Financial Controls and Counter-Proliferation of Weapons of Mass Destruction
Passas, Nikos, Case Western Reserve Journal of International Law
This paper focuses on financial controls and vigilance against the proliferation of Weapons of Mass Destruction (WMD). It refers to the new Financial Action task Force (FATF) Recommendations on this subject and outlines relevant provisions of the U.N. Security Council Resolutions (UNSCRs) and the considerable challenges facing the international community in their implementation. While it suggests that there is a good deal of work underway towards consistent and effective implementation, it points to some concrete measures and areas where counter-proliferation finance efforts could focus, particularly in the area of commerce and trade.
I. INTRODUCTION II. U.N. SECURITY COUNCIL RESOLUTIONS AND PROLIFERATION FINANCE III. IMPLEMENTATION CHALLENGES IV. CONCLUSION
Neither the use of financial sanctions as a tool to apply pressure on governments nor controversies and diverse interpretations of their effects are new. An early example from classical Greece is the Megarian Decree, under which Athens introduced a trade embargo on Megara merchants during the Pericles era. (1) Aristophanes, (2) Thucydides (3) and others (4) offered very different views: some suggested that it was effective, while Thucydides regarded it as a pretext for the war that followed.
The U.N. first introduced sanctions in the 1920s, but it employed them seldom in the years that followed. It was the 1990s that witnessed a significant growth in the use of such coercive measures. (5) Aimed at global security threats in ways that could be effective but less radical than the use of force, (6) their scope has widened, ranging from aggression and conflict to international terrorism and proliferation of weapons of mass destruction (WMD). (7) Multilateral sanctions have been considered and applied due to proliferation concerns in several countries, (8) but the most recent ones focus on non-state actors, the Islamic Republic of Iran, and the Democratic People's Republic of Korea (DPRK). (9) Originally, counter-proliferation measures revolved chiefly around export controls, but these are now supplemented by financial control requirements for both governmental and private sector actors.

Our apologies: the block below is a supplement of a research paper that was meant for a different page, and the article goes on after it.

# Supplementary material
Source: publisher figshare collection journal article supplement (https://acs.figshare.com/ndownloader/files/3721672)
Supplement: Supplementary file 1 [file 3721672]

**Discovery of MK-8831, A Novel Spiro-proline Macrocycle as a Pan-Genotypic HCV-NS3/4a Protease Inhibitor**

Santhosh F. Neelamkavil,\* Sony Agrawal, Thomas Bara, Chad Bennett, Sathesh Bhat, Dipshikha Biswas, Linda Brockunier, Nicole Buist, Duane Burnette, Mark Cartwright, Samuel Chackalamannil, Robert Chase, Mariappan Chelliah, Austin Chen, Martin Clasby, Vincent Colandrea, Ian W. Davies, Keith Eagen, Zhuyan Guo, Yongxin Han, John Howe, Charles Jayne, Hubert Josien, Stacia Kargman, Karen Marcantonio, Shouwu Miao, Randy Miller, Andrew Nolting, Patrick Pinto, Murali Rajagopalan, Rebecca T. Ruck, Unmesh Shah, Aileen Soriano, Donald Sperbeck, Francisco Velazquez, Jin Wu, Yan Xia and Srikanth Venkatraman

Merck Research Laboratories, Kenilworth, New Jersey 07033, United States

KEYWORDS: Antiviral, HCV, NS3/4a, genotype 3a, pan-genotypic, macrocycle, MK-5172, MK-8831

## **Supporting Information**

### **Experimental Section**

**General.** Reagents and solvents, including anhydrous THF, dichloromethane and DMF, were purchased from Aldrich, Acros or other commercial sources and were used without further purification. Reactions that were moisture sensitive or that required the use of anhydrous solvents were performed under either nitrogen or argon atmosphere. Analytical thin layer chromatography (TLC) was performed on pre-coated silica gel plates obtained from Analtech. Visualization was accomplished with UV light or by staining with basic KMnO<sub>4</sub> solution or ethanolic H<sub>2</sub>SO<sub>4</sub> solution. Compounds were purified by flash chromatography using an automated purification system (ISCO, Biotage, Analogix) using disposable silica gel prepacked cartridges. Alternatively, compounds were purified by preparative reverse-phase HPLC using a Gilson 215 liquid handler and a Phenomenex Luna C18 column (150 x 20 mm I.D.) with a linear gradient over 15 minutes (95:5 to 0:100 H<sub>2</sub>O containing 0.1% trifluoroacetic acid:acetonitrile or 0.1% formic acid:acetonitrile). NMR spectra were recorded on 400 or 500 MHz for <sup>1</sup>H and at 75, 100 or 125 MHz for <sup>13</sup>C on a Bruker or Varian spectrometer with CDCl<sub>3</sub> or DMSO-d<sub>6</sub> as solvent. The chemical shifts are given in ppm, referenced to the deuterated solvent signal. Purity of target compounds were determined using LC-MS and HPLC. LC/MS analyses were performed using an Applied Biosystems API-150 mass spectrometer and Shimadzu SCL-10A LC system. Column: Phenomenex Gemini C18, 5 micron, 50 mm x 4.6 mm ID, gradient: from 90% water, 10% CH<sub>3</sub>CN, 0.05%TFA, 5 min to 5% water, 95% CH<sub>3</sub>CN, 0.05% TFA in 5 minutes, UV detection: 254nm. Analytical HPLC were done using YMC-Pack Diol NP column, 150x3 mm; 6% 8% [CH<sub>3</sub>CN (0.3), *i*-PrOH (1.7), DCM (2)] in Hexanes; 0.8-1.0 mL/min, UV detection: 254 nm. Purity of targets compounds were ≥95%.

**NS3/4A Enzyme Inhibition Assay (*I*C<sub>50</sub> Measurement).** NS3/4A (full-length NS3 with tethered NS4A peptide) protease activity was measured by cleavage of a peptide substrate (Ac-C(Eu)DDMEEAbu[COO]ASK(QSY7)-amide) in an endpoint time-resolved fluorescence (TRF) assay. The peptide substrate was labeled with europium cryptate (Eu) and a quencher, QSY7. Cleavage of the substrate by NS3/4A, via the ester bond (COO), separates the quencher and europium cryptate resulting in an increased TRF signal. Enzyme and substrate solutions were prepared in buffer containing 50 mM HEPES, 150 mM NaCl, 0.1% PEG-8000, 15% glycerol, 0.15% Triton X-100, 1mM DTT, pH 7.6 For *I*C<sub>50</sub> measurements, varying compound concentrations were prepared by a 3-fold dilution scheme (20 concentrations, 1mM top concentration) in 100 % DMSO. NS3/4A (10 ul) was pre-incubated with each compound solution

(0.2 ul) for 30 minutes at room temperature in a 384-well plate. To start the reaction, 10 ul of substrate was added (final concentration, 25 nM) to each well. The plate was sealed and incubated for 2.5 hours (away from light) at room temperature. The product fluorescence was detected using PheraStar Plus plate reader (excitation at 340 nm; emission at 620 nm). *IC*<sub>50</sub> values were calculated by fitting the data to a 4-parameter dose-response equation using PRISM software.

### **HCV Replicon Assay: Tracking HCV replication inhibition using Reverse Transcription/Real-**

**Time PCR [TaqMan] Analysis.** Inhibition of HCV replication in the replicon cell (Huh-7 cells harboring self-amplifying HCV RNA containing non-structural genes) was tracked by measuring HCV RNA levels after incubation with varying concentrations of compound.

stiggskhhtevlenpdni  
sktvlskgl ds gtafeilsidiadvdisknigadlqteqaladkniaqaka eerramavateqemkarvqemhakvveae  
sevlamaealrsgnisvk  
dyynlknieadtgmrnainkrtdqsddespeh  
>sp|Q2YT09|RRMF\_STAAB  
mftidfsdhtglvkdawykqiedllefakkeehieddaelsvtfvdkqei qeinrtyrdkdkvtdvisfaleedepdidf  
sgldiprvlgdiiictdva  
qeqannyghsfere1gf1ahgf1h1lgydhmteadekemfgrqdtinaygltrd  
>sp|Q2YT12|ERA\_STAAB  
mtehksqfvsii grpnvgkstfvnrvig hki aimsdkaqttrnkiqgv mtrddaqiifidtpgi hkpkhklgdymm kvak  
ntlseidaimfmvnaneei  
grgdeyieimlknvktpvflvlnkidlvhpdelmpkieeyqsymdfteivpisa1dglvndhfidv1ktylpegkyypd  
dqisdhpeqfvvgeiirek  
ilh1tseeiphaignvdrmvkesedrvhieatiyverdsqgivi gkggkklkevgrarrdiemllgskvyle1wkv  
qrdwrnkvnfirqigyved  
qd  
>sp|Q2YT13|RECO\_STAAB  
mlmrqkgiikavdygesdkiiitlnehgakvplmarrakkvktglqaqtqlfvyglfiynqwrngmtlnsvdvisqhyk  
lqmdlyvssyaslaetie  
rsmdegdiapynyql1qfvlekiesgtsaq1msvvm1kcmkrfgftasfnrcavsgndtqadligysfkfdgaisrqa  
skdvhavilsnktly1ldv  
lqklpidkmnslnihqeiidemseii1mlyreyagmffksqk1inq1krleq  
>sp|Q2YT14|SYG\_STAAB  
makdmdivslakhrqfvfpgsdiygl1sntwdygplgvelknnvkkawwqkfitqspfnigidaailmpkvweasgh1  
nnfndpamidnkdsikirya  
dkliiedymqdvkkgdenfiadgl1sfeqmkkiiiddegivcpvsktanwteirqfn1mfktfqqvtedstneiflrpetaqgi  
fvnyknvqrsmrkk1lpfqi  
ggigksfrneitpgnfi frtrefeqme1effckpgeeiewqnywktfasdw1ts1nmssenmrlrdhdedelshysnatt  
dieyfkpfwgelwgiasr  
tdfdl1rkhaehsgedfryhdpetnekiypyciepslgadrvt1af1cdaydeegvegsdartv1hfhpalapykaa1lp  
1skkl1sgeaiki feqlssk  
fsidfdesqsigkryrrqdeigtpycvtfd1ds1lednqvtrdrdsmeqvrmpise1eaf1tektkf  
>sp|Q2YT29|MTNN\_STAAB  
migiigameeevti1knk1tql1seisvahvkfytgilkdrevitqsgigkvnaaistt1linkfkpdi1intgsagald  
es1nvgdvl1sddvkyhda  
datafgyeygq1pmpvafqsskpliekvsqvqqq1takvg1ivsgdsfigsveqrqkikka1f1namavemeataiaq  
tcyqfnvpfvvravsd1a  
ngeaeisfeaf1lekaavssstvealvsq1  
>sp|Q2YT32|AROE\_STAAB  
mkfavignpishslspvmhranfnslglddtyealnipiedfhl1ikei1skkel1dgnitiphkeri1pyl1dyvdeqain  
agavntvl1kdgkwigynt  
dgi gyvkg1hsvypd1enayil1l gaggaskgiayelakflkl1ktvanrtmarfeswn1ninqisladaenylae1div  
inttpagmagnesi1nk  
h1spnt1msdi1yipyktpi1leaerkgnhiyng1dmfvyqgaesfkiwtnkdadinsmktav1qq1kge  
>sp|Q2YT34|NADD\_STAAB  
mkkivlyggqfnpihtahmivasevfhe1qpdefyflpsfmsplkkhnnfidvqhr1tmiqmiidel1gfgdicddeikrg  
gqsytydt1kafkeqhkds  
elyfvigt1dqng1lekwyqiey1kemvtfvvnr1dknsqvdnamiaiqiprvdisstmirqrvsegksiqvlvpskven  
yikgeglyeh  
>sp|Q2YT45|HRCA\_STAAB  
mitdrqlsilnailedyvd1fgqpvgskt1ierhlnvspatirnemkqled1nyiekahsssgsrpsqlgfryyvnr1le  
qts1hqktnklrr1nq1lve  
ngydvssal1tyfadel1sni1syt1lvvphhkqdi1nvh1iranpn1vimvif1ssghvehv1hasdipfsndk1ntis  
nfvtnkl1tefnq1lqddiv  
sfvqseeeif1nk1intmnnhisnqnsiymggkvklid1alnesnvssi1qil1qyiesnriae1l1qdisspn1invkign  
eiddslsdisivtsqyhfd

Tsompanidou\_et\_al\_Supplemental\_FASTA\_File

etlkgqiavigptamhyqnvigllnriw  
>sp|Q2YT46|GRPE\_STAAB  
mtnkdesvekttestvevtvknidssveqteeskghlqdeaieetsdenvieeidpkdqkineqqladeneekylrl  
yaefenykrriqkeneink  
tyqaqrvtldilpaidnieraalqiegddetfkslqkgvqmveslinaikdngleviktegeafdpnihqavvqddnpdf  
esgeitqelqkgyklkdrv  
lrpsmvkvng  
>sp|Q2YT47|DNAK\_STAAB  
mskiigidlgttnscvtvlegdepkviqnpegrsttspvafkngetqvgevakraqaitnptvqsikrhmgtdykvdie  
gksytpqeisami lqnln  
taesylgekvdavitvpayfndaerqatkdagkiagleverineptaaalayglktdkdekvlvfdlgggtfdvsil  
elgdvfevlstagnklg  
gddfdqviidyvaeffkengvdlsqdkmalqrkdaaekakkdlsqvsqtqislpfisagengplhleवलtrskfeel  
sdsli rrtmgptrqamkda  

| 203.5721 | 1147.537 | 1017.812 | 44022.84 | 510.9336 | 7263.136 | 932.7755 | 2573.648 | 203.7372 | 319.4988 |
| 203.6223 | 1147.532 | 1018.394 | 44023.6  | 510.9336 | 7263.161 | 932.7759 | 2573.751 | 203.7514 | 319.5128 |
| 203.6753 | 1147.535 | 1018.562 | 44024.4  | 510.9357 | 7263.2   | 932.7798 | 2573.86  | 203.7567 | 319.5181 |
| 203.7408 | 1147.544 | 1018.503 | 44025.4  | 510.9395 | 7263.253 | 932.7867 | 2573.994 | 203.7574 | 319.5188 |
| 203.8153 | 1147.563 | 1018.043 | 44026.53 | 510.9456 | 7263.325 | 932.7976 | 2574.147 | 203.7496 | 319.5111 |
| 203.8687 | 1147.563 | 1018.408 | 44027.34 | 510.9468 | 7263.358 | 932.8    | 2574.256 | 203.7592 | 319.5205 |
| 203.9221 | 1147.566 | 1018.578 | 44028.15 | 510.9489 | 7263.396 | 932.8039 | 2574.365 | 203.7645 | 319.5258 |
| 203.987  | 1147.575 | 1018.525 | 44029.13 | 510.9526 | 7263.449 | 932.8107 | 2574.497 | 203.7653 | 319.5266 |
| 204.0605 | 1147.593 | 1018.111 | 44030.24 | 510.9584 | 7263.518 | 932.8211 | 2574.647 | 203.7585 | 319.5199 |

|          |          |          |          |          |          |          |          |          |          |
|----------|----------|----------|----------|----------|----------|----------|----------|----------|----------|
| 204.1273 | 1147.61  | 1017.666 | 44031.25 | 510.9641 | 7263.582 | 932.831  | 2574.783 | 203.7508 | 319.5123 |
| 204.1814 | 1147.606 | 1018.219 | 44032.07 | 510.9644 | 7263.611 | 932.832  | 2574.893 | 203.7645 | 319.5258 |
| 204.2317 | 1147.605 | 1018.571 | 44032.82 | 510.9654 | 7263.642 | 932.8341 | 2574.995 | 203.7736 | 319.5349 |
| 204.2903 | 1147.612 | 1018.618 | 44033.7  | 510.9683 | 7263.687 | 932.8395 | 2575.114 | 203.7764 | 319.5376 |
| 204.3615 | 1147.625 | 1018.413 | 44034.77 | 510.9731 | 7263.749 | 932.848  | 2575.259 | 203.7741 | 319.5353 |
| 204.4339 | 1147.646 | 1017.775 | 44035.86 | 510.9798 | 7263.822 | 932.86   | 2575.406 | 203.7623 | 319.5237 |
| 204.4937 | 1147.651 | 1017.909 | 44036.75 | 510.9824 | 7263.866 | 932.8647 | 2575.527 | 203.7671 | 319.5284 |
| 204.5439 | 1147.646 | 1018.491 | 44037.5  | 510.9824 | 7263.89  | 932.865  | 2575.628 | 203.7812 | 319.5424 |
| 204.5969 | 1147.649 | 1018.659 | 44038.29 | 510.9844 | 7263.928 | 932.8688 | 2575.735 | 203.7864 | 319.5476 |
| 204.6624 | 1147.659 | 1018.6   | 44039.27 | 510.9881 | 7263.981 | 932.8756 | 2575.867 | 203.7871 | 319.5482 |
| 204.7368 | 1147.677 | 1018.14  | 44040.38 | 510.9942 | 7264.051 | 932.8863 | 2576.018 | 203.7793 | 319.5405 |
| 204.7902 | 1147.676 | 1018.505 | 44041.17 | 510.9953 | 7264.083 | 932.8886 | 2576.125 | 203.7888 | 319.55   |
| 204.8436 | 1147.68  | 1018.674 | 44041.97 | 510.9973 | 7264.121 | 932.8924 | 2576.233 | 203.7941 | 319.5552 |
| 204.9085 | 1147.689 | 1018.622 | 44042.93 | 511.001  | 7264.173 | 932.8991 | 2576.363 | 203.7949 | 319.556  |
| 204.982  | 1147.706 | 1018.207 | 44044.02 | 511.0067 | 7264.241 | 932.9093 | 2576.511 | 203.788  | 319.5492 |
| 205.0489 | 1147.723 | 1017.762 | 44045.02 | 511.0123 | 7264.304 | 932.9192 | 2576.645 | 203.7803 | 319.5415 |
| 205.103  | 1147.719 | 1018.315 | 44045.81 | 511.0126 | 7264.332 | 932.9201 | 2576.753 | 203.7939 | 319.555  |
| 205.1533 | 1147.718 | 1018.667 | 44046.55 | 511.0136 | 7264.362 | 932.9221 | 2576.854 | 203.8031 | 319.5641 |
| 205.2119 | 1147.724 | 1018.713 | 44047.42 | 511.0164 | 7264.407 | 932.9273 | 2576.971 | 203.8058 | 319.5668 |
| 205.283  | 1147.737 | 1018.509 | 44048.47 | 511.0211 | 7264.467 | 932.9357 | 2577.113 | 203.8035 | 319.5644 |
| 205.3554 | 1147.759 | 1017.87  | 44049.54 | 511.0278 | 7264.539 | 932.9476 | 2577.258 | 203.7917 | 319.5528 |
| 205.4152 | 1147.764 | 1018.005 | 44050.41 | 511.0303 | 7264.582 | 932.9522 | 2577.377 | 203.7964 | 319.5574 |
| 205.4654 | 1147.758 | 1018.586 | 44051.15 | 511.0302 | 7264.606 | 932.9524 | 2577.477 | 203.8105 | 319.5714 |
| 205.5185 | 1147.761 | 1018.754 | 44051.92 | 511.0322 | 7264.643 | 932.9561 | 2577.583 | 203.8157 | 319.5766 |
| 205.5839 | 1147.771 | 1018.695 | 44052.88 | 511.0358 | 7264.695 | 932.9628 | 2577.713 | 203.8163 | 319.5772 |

At the same time, "follow-the-money" approaches to crime control have been applied at both the national and international levels. (10) Financial controls have been increasingly employed to address serious crime and security problems ranging from organized criminal group activities to corruption and the support of terrorism. These can be used for investigative and intelligence-gathering objectives--they assist in identifying co-conspirators, facilitators, and supporters--as well as for deterrence, disruption, punishment and confiscation purposes. The most recent addition to the list of unlawful practices targeted with this approach is the financing of WMD proliferation. In February 2012, the Financial Action Task Force (FATF), a body setting international standards on money laundering and terrorism finance, revised its Recommendations and incorporated the issue of proliferation finance. (11) New Recommendation 7 is entitled "Targeted financial sanctions related to proliferation" and states that:
Countries should implement targeted financial sanctions to comply with United Nations Security Council resolutions relating to the prevention, suppression and disruption of proliferation of weapons of mass destruction and its financing. These resolutions require countries to freeze without delay the funds or other assets of, and to ensure that no funds and other assets are made available, directly or indirectly, to or for the benefit of, any person or entity designated by, or under the authority of, the United Nations Security Council under Chapter VII of the Charter of the United Nations. (12)
There is no legal and universally adopted definition of "proliferation finance. …